Tar Sands Solutions Network

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Human Rights

Rapid tar sands development has resulted in devastating social impacts. In northern Alberta, local Indigenous communities are forced to endure highly degraded air and water quality. Eighty per cent of the traditional territory of the Mikisew Cree and Athabasca Chipewyan First Nations has been rendered inaccessible for most of the year by tar sands development, and the Beaver Lake Cree have documented 20,000 treaty rights violations.

The expansion of tar sands refineries has also increased toxic pollution in numerous communities in Canada and the U.S., and pipeline companies have used eminent domain to confiscate private property from ranchers and landowners as they ram new pipelines through.

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Overview:
Tar sands expansion damages people and communities across North America
Key Issues:
- Indigenous peoples cannot hunt or fish on their land and have significantly higher rates of cancer
- Private property is confiscated and democratic rights trampled for pipeline expansion
Current Status:
First Nations are fighting multiple treaty rights battles and continue to be denied status to participate in expansion hearings

Indigenous peoples rely on healthy ecosystems for their food, water and livelihoods, but the insatiable appetite of the tar sands industry has decimated vast amounts of wildlife habitat and polluted the region’s rivers and streams with toxic and carcinogenic chemicals. The local, mostly Indigenous peoples, can no longer eat fish from local rivers and lakes, because tar sands pollution has left many of the fish deformed and diseased. Some people have even been forced to abandon their homes because air pollution is so noxious.

Fort McKay, which is surrounded on all sides by tar sands development, experiences serious air and water quality problems. The residents of Fort Chipewyan, located farther downstream from the tar sands, experienced a 30% increase in cancer rates and a 7X increase in rare and deadly cancers, which have been linked to pollution from tar sands development.

As a result, many of the Indigenous peoples living in close proximity to the tar sands believe that their constitutionally protected treaty rights have been ignored. Treaty 8, signed more than a hundred years ago, assures Indigenous people the right to hunt and fish on their traditional lands, but the intensity of tar sands development has nearly destroyed their ability to access the land for hunting, trapping and fishing. They have tried to work with governments to find a solution, but have been refused standing to participate in hearings about tar sands expansion, and the courts have refused to hear cases brought against the Alberta and Canadian governments to have their rights respected.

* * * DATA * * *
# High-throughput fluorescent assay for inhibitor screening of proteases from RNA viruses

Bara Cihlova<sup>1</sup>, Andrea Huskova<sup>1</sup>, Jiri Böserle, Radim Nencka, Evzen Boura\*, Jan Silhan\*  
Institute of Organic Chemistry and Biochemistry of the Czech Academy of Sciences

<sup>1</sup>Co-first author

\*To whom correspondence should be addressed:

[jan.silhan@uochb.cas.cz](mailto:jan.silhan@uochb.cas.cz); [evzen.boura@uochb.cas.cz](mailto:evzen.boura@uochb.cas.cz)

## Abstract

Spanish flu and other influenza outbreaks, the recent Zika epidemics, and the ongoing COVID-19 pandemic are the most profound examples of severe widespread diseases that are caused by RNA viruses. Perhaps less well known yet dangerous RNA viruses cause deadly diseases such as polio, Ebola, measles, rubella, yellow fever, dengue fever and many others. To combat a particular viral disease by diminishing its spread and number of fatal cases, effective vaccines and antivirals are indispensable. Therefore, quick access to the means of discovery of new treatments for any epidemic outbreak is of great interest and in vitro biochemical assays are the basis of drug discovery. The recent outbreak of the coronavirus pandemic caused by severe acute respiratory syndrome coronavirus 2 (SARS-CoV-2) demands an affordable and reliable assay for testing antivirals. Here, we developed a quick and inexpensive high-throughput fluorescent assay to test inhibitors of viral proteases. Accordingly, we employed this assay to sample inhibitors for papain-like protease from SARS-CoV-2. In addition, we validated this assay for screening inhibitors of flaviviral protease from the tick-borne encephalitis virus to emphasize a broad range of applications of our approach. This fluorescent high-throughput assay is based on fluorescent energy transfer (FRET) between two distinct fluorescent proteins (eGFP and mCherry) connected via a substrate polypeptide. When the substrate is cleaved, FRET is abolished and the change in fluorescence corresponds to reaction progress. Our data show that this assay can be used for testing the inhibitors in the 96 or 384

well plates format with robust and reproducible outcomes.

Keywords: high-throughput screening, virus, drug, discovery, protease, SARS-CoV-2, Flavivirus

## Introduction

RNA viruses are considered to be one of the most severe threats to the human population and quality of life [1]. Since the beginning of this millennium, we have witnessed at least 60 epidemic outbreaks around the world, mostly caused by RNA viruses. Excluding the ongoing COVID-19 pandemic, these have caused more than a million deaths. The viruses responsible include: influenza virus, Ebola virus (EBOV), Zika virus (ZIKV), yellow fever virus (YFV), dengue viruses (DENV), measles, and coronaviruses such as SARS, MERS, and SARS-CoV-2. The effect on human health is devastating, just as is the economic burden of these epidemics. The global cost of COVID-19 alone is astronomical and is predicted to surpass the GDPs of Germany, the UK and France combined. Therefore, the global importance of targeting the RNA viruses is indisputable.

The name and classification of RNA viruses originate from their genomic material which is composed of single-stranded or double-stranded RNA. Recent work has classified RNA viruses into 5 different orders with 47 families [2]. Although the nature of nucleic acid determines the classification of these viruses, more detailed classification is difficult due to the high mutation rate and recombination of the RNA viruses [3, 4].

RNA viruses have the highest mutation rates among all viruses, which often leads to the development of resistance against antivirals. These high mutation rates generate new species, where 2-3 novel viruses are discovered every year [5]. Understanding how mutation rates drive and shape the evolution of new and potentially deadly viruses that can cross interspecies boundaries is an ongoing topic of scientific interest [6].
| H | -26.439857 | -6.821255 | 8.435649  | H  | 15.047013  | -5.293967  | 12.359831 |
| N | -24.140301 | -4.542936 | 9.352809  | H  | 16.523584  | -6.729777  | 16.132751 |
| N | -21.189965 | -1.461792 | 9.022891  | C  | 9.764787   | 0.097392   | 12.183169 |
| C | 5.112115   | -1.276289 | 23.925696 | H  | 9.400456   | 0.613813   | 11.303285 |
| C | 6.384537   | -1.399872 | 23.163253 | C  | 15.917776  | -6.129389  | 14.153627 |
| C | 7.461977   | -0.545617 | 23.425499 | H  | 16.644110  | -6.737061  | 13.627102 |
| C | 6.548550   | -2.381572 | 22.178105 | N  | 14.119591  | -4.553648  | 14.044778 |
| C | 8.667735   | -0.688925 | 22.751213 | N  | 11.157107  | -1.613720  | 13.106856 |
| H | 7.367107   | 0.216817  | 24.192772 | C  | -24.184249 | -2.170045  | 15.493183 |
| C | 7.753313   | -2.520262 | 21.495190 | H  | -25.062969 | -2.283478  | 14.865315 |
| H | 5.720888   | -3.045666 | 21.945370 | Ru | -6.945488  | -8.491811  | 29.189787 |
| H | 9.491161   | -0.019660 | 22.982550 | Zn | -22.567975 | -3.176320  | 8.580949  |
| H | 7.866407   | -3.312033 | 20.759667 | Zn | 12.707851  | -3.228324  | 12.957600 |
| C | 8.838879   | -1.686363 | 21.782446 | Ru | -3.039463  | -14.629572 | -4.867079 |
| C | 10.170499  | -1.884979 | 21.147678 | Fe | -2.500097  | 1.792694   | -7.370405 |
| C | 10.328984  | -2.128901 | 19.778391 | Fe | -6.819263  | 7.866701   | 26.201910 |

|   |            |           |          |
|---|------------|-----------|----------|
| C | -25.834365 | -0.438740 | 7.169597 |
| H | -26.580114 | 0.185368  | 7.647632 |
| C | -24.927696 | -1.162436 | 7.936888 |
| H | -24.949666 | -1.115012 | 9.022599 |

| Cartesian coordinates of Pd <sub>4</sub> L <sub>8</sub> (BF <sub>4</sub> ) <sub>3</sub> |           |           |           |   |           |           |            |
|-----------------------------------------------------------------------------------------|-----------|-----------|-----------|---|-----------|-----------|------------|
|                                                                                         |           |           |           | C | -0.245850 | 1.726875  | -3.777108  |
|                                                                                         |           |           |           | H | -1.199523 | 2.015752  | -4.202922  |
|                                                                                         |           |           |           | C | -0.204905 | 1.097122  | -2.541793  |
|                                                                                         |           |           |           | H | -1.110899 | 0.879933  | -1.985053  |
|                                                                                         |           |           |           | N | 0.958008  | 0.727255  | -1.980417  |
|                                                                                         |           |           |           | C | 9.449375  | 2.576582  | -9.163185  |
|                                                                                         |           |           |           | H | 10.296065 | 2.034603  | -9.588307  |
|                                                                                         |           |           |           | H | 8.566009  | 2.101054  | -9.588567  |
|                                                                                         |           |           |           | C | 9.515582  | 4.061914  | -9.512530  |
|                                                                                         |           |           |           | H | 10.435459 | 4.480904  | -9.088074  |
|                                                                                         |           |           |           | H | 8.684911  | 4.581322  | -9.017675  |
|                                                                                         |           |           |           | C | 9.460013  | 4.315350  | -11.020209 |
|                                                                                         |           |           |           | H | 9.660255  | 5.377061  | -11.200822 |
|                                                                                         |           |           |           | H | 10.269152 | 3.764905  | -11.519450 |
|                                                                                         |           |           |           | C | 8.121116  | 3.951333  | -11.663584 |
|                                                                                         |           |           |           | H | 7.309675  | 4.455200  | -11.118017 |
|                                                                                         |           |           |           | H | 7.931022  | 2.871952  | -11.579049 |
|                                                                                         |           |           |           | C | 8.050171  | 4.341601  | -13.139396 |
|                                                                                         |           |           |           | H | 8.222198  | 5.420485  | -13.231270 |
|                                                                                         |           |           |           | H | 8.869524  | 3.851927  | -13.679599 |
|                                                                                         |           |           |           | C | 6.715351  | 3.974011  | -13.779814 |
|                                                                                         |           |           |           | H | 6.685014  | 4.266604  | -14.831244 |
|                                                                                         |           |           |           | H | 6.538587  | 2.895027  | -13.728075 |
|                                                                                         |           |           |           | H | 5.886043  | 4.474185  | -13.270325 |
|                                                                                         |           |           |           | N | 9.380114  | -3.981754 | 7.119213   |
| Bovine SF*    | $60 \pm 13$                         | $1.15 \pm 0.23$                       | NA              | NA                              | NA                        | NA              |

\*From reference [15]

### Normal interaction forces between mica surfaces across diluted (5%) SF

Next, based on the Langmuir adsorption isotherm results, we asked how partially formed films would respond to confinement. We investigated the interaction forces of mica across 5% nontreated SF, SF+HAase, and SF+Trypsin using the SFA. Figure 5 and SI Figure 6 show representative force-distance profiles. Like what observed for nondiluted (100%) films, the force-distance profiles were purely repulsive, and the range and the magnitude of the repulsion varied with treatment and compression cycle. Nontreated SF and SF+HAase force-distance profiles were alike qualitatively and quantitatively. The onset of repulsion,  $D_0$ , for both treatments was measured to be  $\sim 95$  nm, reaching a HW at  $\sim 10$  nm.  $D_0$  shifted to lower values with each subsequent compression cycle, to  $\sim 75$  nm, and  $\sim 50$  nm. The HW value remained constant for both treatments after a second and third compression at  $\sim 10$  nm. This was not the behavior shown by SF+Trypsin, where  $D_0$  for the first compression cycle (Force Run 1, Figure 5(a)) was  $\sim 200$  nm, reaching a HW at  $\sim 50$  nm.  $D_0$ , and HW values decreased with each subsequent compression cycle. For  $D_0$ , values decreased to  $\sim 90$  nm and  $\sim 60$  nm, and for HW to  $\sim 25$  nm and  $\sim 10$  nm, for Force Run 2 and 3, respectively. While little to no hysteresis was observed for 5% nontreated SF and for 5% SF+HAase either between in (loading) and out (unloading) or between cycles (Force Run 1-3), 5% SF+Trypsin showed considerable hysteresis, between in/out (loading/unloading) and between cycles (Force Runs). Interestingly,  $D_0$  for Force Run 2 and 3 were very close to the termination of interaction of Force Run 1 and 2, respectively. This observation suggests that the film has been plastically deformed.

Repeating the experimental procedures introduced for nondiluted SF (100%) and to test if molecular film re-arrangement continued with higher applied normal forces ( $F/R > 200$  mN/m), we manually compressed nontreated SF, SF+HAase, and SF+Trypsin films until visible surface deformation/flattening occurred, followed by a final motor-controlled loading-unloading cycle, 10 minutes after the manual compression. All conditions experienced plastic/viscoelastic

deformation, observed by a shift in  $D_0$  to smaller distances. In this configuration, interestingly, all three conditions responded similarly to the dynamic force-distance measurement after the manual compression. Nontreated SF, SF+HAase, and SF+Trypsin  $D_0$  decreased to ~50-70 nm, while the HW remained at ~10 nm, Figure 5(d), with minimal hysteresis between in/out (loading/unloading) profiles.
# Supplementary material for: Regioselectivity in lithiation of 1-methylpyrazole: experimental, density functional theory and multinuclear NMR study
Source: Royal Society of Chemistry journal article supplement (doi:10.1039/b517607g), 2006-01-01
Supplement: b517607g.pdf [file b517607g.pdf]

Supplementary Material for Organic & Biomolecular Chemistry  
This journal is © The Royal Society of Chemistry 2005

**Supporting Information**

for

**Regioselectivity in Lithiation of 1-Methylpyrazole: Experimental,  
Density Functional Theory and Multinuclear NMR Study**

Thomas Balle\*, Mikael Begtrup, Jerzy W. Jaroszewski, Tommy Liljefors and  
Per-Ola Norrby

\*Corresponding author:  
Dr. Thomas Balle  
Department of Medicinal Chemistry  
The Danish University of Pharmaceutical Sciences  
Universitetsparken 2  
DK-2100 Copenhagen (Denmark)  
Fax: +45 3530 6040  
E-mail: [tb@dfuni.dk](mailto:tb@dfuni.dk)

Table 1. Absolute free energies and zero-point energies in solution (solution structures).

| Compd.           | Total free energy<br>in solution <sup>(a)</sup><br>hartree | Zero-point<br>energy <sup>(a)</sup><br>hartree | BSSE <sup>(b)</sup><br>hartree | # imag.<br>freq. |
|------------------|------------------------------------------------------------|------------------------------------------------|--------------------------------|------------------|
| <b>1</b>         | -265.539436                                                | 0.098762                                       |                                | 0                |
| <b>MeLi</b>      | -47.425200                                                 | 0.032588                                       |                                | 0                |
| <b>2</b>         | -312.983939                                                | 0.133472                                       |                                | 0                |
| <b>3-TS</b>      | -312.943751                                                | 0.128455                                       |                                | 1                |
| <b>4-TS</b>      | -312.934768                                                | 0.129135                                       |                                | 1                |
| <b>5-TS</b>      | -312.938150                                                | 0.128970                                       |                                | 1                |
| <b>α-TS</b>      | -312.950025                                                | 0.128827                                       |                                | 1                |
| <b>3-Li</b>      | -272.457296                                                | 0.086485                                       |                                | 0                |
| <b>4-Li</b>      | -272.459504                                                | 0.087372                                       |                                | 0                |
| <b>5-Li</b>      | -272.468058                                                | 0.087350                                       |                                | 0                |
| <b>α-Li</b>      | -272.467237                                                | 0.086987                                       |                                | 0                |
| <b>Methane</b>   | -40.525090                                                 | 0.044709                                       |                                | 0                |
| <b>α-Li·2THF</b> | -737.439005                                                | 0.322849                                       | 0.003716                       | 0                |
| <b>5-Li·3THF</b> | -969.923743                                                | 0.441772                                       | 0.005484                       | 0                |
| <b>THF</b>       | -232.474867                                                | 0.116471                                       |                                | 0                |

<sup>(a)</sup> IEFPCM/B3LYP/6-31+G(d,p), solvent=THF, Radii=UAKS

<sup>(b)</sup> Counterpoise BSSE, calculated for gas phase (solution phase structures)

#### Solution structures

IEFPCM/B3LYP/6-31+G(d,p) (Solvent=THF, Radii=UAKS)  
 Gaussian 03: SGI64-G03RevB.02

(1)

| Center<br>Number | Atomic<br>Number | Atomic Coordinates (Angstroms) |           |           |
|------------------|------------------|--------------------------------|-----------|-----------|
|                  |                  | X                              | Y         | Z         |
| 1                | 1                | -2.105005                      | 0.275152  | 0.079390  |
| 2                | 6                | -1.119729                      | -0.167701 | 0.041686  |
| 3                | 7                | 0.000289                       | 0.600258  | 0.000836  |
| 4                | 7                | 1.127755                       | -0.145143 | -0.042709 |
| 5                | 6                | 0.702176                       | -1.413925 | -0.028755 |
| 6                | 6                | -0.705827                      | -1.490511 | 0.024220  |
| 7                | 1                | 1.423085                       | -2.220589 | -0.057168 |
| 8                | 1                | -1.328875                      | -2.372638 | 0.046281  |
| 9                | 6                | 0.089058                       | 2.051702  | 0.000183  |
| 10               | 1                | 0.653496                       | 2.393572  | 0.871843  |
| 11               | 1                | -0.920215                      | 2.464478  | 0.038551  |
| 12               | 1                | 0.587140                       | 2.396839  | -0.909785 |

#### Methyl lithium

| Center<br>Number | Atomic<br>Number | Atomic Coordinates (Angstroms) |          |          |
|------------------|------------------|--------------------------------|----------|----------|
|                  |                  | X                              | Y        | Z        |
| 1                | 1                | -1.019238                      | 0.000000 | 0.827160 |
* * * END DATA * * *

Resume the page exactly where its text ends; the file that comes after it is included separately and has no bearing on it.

The human rights impacts are not, however, limited to northern Alberta. In both Canada and the United States, landowners have had their land confiscated by eminent domain so corporations can build tar sands pipelines where cattle once grazed and wheat once grew, threatening local water supplies and reducing property values.

Across Canada, the federal Conservative government has turned Canada into a near petro-state. It has intimidated community watchdog groups, gutted environmental legislation to limit democratic participation of citizens, and silenced scientists, all in an effort to pave the way for the expedient approval of massive tar sands development.

 

Rights Based Approach

 

Overall the TSSN believes that stopping the Tar Sands needs to be lead by First Nations and other Indigenous communities. First Nations people carry a unique set of priority rights and are the only communities that have a Nation to Nation relationship with both the US and Canadian government. The TSSN uplifts the voice of the communities most impacted by tar sands development through this “rights based approach,” that has successfully created national/international support and initiated much media attention globally on the tar sands issue. This is due to First Nations track record of creating and opening the avenues and opportunities for community leaders and members to tell the story of being impacted by the largest and most destructive energy project on earth.